What kind of weird physical characteristics do you see in your character that reflects you when you’re in the booth?
Kodi: I think his whole body. He totally looks like me, I feel like. He’s kind of lanky, weird. I don’t know, I just feel like he was very much like me but so much not.
So when you’re recording in the booth together with the other actors do they let you do a lot off the scripts or were you guys pretty much sticking to the script ?
Kodi: I can’t remember. I think... We did a... Oh yes, I did a lot of improvising with the other younger boy that was my friend in the movie, Tucker [Albrizzi]. And that was hilarious. And he actually put some of that in there. There’s a part you’ll see, when he’s throwing a stick to his dog and that whole part was improvisation and it was hilarious. But other than that, we would glue the paper to cardboard and it would just be this huge stack that we had to reach from every session. Yes, it was pretty to the script.
Did you visit the actual set and watch them do some of the animation?
Kodi: I did. We all visited but separately for some reason, but I went to Oregon and of course it was raining and we go in this huge like factory looking place and there’s 50 booths of these scenes getting shot all at once. It’s just mind-boggling. I would never have the patience to do that. It’s crazy.
Are you a fan of stop motion in general?
Kodi: I’m a huge fan of stop motion. Yeah. But once again, I wish I could do that kind of stuff but it’s just not for me. But I love how it looks in the end when you think about it.
Chris talked about one of the weird things about shooting voice work instead was doing a bunch of sequences and then not working on it for three or four months. How did you sort of get back into Norman after you’ve sort of been apart from them?
Kodi: It's weird, I was thinking about that too but I think it’s stuck in your head. But sometimes I would go back in and I’m like, 'Is my voice the same? Am I doing the same accent kind of thing?' But no, it sticks with you. In fact, sometimes you would forget about it. You’d be like, 'Oh that’s right! I’m doing a stop motion movie. I got to go back in and do it.' See, I think we did 10 sessions and there was a few months in between every session.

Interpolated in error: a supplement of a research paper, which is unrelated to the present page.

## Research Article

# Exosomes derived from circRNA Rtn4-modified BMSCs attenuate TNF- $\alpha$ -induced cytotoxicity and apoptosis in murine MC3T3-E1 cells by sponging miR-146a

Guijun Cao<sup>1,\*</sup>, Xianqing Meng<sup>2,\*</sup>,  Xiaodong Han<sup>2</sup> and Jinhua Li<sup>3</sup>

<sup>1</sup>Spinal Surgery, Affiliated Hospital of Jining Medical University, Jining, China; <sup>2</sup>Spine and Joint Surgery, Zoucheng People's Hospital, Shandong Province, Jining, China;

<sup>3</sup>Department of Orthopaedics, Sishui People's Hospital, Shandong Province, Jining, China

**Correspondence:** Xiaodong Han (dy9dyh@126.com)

Did the fact the film has a really strong anti-bullying message, you know, did that resonate?
Kodi: Definitely. I was never bullied, and I wasn’t a bully. I just kind of went under the radar with my friends. I think that this movie, it’s cool, because a child can watch it and just have some fun and go on an adventure. But with adults, there’s horror movie things in it. They’re like, “Oh my God! That’s kind of like the Goonies or Scooby Doo. But also there’s the bullying. And I think it’s kind of saying that being normal or weird is fine and you should go with whoever you are.
Are you being approached by other studios to do more in voice over?
Kodi: Actually, I went on a bunch of meetings before this came out with Disney and Cartoon Wet Network and Adult Swim and I would love to do a TV show that’s animation. Yeah, that’d be awesome.
That would take up a lot of time though.
Kodi: It would but I would have so much fun and you know I’m here to act so take up all the time it can.
Any exciting roles coming up?
Kodi: I just finished Romeo and Juliet in Rome so that was amazing. I did a film called The Congress, which is a sci-fi kind of thing. And then one called Dead Europe, where I play kind of a ghost kid. But they never like really says that he’s a ghost. Just like kind of gives it to you.
Was it different being directed by two directors when you’re doing your voice stuff or did they work with you one at a time?
Kodi: Really, I just thought of them as the whole team together working on this thing. And I think it was good that there were two different minds working on it, because then we could come out with this unique situation by bringing all out ideas together. I think it was cool.